A partnership can be a very efficient and flexible business structure, but it can have unwanted consequences for the partners. Some of the key issues to consider are outlined below.
What is a partnership?
A partnership is a collection of individuals, who trade together with a view to making a profit. The ‘partnership’ is not a separate legal entity, although it is often given a trading name for ease of reference. A partner cannot also be employed by the business (you cannot employ yourself), so it is important to carefully consider and document the status of any ‘salaried partners’ or senior ‘employees’.
Is there a partnership agreement?
If you are in a partnership it is important that you have an up to date partnership agreement to document how the business should be run. In the absence of any agreement (which may be an oral agreement or implied by conduct) the terms set out in the Partnership Act 1890 will apply.
Liability of the partners
Unless the partners agree otherwise they all (individually) have the power to enter into a contract on behalf of the partnership. The partners are jointly liable for the debts of the business and there is no limitation on the extent of this liability. If you wish to limit the liability of the partnership then you should insist on a carefully worded limitation clause in your business contracts.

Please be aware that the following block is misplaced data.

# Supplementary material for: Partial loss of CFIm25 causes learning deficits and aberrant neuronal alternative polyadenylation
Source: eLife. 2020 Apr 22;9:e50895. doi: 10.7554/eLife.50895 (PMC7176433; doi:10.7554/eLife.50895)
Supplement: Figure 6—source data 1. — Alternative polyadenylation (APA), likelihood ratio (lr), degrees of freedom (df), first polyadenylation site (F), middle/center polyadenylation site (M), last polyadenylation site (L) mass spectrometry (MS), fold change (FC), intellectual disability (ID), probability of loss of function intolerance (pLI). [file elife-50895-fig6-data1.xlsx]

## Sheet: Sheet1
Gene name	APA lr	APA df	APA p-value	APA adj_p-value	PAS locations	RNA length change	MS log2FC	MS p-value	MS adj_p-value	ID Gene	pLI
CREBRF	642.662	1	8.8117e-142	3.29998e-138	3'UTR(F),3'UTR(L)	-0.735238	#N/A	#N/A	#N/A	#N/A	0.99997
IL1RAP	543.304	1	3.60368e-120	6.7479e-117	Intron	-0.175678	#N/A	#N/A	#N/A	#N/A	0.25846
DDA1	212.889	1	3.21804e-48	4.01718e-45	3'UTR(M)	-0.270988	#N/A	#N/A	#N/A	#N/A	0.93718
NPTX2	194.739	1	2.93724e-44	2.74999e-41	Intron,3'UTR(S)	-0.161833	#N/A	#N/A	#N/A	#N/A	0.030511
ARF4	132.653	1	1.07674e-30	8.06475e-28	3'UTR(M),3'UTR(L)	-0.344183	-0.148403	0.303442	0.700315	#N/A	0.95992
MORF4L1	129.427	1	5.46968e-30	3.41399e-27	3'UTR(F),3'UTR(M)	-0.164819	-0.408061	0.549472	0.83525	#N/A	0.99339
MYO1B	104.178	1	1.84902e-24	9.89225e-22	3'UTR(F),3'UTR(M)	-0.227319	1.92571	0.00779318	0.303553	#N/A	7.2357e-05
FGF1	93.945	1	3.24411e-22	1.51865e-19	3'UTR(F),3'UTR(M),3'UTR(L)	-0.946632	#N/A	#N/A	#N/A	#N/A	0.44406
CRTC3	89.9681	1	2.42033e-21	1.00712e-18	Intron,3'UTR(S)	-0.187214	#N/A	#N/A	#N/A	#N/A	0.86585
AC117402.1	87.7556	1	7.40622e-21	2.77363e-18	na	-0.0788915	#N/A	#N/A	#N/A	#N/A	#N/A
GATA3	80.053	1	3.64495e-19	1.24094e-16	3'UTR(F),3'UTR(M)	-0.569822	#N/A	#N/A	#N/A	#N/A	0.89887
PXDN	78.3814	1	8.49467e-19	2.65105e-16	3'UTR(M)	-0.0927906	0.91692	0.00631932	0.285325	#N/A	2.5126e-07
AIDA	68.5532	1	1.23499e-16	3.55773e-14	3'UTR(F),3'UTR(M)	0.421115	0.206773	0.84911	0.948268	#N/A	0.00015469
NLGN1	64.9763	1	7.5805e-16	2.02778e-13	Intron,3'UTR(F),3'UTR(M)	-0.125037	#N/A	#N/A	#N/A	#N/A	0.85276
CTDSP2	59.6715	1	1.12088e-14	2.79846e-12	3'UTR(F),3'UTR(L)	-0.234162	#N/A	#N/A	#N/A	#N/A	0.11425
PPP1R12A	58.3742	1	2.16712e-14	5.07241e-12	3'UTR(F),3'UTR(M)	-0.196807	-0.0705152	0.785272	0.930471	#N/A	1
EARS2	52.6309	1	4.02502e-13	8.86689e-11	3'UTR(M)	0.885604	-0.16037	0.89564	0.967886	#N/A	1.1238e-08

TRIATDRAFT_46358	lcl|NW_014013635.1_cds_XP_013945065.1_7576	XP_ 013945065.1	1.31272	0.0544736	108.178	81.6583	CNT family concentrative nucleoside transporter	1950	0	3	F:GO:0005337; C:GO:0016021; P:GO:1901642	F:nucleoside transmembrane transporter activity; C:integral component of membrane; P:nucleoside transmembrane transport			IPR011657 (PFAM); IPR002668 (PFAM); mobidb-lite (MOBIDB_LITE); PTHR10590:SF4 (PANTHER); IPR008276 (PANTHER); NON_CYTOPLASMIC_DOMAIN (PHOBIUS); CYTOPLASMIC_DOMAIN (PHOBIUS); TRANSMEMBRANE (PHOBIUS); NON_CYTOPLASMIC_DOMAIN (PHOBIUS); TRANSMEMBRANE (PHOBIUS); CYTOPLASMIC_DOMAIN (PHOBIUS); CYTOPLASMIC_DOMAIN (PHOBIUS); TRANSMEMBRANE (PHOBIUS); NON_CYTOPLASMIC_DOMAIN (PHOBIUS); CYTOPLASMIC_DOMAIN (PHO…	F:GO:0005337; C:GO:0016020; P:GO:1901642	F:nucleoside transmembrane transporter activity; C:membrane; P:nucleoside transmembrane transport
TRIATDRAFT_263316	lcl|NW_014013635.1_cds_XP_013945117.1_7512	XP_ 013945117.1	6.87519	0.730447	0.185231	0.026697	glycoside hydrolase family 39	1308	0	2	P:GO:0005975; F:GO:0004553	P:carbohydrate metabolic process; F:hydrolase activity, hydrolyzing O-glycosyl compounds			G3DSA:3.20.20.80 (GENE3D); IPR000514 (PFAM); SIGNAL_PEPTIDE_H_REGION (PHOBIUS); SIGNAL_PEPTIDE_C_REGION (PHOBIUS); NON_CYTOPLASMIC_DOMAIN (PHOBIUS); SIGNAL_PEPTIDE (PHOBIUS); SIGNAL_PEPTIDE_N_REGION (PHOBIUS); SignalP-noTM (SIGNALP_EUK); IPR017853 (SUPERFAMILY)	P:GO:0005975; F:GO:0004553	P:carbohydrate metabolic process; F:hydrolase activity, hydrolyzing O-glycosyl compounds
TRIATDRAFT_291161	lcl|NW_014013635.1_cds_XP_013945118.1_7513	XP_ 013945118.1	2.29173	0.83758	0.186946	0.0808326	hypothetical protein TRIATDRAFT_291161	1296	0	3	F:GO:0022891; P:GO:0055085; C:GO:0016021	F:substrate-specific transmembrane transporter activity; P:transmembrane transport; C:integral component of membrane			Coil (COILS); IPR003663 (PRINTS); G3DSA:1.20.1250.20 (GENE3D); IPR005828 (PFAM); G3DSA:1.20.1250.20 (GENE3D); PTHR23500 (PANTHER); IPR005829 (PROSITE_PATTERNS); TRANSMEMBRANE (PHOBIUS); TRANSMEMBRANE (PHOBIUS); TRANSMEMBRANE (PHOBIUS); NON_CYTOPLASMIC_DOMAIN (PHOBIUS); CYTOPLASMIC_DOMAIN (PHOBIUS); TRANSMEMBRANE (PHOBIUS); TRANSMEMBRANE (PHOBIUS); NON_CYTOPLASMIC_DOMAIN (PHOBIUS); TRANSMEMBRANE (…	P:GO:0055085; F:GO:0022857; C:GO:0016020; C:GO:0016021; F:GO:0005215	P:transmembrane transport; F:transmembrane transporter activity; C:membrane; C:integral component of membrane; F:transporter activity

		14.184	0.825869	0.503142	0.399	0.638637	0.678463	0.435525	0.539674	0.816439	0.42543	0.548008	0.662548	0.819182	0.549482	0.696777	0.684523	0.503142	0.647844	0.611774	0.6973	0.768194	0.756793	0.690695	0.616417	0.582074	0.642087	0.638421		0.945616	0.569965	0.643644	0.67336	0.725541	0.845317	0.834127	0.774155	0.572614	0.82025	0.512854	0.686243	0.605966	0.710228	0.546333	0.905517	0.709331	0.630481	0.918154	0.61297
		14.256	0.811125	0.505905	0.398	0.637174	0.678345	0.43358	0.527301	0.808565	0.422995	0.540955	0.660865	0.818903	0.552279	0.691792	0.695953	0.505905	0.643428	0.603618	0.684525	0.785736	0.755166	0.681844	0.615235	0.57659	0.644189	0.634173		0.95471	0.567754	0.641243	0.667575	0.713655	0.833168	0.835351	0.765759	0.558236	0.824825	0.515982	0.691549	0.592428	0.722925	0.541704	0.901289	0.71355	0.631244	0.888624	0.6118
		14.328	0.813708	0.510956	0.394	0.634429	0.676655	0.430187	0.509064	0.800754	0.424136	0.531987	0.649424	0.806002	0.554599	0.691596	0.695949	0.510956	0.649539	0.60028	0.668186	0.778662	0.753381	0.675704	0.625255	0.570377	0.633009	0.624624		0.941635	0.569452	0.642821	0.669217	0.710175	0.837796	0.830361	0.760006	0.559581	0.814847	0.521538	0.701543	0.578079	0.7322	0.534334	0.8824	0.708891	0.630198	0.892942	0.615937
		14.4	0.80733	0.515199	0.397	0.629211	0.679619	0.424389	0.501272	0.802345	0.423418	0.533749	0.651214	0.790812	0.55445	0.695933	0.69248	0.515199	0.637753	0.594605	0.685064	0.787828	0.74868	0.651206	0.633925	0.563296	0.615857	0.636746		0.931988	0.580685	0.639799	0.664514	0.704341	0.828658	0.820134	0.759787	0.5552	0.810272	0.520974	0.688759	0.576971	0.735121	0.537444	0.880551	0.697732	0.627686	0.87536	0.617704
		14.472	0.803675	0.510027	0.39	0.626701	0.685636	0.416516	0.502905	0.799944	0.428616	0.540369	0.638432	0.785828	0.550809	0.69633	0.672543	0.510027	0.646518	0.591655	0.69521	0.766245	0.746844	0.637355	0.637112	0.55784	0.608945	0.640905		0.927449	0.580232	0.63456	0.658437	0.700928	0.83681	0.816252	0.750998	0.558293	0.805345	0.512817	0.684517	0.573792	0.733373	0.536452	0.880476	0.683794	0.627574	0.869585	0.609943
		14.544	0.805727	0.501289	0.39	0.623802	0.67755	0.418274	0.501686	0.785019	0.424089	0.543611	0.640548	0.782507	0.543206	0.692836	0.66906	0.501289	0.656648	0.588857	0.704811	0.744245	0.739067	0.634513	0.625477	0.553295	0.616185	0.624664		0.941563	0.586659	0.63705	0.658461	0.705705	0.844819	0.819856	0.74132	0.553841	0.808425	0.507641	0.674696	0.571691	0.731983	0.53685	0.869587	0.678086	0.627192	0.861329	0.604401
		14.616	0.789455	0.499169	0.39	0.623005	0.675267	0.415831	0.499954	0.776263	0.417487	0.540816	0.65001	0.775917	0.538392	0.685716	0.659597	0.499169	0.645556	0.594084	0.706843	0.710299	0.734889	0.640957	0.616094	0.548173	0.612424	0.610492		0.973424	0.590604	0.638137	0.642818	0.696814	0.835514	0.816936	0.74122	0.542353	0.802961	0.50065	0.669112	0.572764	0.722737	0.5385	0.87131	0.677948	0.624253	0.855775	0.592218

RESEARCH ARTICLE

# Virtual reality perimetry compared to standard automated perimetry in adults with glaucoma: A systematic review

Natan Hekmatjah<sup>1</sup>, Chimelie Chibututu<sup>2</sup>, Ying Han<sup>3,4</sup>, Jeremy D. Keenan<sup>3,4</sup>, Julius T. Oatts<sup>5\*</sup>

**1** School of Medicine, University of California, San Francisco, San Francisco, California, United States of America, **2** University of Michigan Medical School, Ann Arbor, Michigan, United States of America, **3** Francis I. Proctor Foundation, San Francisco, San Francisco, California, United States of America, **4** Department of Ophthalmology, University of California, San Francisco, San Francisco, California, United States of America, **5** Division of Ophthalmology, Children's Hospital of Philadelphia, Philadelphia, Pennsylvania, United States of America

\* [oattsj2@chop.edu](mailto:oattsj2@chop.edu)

Duties owed to the other partners
Each partner owes the other partners a duty to act honestly and in the best interests of the partnership. A partner should not benefit themselves at the expense of their co-partners and has a duty to account to them for any profits they receive out of the business.
Unless the other partners agree (e.g. in a partnership agreement) a partner cannot resign from the partnership. If one of the partners wishes to leave or dies then the partnership would need to be dissolved and the proceeds divided between the partners (or their estate).
A partnership can be an efficient way of running a business, but it is important to have a clear understanding of partnership law, so you can avoid any unwanted disputes.